At 76, she remains emblematic of a way of being: busy, feisty, elegant, intellectual and attractive
Aparna Sen’s latest film The Rapist, is a fine return to form for the director, who is at the top of her game. Starring Konkona Sensharma, Arjun Rampal and Tanmay Dhanania, the film is a powerful, richly layered, complex, thought-provoking film on the aftermath of rape. And how the delivery of justice is deeply affected by class, gender, education and religion. The film, produced by Applause Entertainment, had its world premiere at the Busan Film Festival in South Korea last week.
In fact, there is a bonanza of 15 South Asian films at Busan. From India, these include Natesh Hegde’s Pedro, and Rajdeep Paul and Sarmistha Maiti’s Kalkokkho—House of Time (both in the New Currents Competition); The Rapist, Payal Kapadia’s A Night of Knowing Nothing (Best Documentary at the Cannes Film Festival), Irfana Majumdar’s Shankar’s Fairies (Locarno Film Festival), Madhuja Mukherjee’s Deep6, Deepa Mehta’s Funny Boy, Rebana Liz John’s Ladies Only, Bharat Mirle’s The Road to Kuthriyar and Hemant Kudale’s Paanha, a short. Bangladesh comes all guns blazing, with Abdullah Mohammad Saad’s Rehana (at Cannes Film Festival’s Un Certain Regard as Rehana Maryam Noor); Mostofa Sarwar Farooki’s No Land’s Man (starring Nawazuddin Siddiqui, in English, with AR Rahman as composer and co-producer, and produced by Shrihari Sathe, US), and Mohammad Rabby Mridha’s No Ground Beneath the Feet. There’s also Kiran Shrestha’s Yet Another Winter from Nepal and Kelzang Dorjee’s Why is the Sky Dark At Night? from Bhutan, both shorts.
The Rapist, which plays in Busan’s Window on Asian Cinema section, is the 16th feature of the globally acclaimed Sen. Apart from acting in about 74 films, she has also written the screenplays for all her films since 36 Chowringhee Lane (1981), except two play adaptations. Her work is as deeply feminist as it is humanist, including Mr and Mrs Iyer, Paroma, Sati and Paromitar Ek Din. At 76, she remains emblematic of a way of being: busy, feisty, elegant, intellectual and attractive.
The Rapist is essentially a chamber drama that tackles the aftermath of the rape of a wealthy Delhi University professor, Naina Mishra (Konkona Sensharma), by Prasad Singh (Tanmay Dhanania), a young goon from a slum. Naina, a professor of criminal psychology (too pat, that), was once at Prasad’s mercy, but as circumstances change, their power equation reverses. The film comments on Indian patriarchy, the pervasive abuse of women, the death penalty, and the relationship between machismo and fatherhood, as well as the oppression of minorities.
Sen directs this fiction feature with a sure hand, and the film is studded with rich ironies: Naina and her husband Aftab Malik (Rampal), could not conceive a baby in three years, but the rape dramatically alters relations between them (I’m avoiding spoilers here). It’s all understated, with minimal melodrama, but many moving moments. Sen raises many questions she chooses to leave unanswered, as she’s more interested in engaging with you, rather than being the smug masterni supplying the “correct answers,” as reality doesn’t offer any either. Indeed, Sen is able to explore nuances in the life of the rape survivor that we could not see in Leslee Udwin’s documentary India’s Daughter (2015) on Jyoti Singh (Nirbhaya), whose gangrape in 2012 shook the nation, or Deepa Mehta’s Anatomy of Violence (2016), a fictional dramatisation of the same; and she altogether avoids Pink’s thunderous courtroom dialoguebaazi. The film is also inherently linked to Rehana, which explores a MeToo incident.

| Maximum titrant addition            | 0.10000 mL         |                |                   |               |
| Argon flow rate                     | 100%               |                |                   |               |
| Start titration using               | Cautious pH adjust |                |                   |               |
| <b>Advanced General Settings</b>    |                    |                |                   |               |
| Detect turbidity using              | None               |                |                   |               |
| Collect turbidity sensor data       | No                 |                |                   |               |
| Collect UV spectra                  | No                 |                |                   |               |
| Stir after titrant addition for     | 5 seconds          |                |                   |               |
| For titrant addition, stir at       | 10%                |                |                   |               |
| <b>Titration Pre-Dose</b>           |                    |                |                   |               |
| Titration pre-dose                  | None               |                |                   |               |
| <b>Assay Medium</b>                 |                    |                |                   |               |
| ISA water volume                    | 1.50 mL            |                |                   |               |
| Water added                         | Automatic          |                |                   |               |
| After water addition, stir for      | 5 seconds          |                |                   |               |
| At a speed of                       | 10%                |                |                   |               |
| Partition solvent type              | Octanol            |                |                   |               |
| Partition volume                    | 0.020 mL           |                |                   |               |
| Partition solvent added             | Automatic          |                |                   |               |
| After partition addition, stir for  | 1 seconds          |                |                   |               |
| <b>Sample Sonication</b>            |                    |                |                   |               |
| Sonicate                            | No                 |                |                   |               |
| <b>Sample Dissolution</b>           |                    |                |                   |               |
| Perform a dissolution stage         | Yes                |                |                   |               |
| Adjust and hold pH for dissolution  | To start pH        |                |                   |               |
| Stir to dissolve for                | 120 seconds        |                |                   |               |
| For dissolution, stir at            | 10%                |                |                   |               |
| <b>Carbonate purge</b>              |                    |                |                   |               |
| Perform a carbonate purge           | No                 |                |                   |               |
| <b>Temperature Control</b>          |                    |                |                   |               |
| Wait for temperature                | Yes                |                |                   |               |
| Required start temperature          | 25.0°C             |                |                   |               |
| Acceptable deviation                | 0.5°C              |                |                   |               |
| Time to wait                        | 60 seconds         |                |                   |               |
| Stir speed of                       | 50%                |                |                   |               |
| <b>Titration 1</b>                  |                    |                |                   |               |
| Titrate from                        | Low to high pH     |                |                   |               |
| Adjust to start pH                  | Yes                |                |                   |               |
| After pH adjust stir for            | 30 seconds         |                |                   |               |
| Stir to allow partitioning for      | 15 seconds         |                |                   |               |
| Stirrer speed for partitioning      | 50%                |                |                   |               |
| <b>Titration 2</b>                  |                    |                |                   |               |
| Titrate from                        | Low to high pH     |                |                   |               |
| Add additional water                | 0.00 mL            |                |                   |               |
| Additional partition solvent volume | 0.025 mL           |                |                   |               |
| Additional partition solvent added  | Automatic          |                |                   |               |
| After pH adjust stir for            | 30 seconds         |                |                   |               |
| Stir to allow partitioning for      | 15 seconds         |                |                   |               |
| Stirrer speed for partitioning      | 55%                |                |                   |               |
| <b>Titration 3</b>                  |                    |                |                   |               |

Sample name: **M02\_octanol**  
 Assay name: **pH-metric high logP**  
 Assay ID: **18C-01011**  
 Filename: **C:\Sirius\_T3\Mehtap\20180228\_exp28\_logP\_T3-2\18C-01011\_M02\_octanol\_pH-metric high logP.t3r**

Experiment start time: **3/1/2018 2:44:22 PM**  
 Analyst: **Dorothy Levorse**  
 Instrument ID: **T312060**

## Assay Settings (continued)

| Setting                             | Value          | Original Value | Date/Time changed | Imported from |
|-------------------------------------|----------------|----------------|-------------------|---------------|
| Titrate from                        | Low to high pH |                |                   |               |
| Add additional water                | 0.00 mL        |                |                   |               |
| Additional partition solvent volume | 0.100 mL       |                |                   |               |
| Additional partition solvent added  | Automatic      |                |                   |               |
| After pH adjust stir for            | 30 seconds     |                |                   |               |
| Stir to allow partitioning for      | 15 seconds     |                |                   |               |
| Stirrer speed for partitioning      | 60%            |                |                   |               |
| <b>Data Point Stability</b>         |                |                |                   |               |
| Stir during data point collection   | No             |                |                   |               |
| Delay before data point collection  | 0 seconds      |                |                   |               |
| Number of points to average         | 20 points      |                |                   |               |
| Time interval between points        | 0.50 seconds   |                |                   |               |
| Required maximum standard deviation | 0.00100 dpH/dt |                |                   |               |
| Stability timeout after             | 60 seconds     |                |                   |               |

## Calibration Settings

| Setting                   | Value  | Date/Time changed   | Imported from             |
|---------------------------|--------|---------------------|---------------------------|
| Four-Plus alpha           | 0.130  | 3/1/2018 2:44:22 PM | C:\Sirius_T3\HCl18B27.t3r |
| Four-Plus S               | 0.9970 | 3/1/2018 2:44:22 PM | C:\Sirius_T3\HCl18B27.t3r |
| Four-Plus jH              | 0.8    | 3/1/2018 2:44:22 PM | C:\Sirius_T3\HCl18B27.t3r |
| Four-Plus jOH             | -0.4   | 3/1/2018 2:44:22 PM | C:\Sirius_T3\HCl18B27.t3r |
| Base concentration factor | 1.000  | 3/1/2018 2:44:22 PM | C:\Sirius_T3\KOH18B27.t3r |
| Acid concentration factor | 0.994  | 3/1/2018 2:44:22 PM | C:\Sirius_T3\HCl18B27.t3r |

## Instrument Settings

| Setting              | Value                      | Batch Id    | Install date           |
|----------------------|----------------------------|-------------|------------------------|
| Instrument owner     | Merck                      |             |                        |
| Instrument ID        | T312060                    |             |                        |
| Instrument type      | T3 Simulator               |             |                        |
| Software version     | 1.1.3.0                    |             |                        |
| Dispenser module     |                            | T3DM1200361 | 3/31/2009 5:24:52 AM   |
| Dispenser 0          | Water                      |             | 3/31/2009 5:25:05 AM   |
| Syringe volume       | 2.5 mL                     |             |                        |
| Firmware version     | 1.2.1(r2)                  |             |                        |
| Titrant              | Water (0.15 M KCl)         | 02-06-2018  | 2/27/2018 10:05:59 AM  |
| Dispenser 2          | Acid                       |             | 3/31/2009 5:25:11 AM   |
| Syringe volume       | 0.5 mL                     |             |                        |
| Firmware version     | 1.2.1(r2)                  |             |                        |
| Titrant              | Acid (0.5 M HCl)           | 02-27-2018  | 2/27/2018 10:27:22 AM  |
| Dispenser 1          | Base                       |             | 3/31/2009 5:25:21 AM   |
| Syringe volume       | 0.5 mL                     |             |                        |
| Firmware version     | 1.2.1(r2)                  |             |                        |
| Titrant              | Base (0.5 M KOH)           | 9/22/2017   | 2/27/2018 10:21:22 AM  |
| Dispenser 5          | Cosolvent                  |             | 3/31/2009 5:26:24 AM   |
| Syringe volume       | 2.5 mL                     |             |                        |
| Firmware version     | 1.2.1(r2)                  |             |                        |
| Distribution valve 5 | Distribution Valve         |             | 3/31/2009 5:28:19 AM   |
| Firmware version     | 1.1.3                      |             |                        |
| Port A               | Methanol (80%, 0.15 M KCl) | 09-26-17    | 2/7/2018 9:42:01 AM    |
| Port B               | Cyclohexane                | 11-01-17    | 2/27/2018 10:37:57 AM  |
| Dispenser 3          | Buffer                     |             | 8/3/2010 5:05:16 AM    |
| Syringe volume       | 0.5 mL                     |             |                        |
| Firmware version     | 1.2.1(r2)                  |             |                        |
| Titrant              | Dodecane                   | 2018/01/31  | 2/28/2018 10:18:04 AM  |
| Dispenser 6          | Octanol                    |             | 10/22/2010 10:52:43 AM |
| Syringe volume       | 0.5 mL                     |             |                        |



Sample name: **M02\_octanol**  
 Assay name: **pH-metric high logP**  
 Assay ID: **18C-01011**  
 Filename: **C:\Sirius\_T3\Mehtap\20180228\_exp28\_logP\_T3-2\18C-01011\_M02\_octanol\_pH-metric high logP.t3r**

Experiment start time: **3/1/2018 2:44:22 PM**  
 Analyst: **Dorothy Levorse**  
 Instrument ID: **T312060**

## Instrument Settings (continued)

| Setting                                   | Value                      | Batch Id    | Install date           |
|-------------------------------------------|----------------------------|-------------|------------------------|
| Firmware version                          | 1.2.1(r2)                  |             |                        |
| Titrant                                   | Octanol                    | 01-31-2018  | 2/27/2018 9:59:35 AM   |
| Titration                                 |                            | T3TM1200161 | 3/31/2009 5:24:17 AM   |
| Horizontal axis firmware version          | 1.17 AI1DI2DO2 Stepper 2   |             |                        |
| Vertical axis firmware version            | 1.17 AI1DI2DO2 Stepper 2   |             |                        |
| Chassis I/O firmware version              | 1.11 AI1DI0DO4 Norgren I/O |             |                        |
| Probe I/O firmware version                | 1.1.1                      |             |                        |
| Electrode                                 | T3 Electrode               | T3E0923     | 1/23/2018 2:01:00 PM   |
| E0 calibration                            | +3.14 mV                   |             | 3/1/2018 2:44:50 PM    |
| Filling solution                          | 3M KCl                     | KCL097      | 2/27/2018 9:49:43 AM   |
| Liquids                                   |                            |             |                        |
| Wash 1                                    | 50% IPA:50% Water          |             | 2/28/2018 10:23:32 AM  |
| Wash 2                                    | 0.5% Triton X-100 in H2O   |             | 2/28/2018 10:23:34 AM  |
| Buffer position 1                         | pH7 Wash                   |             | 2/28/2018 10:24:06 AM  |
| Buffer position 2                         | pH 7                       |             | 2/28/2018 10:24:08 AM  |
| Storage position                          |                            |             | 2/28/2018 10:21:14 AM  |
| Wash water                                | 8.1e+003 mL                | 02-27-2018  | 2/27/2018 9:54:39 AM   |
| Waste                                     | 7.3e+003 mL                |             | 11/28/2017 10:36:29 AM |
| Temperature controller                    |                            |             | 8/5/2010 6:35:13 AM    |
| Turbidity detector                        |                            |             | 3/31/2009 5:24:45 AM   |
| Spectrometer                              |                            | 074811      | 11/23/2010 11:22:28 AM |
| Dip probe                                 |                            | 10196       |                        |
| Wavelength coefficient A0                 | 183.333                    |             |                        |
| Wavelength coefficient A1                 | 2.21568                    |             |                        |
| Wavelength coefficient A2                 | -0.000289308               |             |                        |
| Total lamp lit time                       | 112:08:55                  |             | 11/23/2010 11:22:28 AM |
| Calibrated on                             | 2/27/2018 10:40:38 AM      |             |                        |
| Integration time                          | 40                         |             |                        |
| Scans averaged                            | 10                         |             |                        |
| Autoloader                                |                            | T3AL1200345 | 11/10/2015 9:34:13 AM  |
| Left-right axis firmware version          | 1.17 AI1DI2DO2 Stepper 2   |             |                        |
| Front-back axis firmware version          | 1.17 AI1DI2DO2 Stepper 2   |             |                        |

Konkona Sensharma puts in a deeply affecting performance as the rape survivor, and the moment she arrives bloodied in the police thana post-the rape, and the moment she arrives bloodied in the police thana post-the rape, and the moment when she is in hospital, and her husband walks out on her, linger for long. Arjun Rampal is superb as a caring husband, who falters, following gossip. The screenplay is strong and nuanced. Ayananka Bose’s cinematography, Rabiranjan Maitra’s editing and Anup Mukherjee’s sound design are all good, while Hussain Haidry’s dialogues are excellent. Neel Dutt composes an aching song ‘Deepest night descends upon me’ in the climax. Kudos to Applause’s Sameer Nair and Deepak Segal and Quest Films’ Suchhanda Chatterjee and Shubha Shetty. Good to see a strong film with a woman director, writer, and producers.
Meenakshi Shedde is India and South Asia Delegate to the Berlin International Film Festival, National Award-winning critic, curator to festivals worldwide and journalist.
Reach her at email@example.com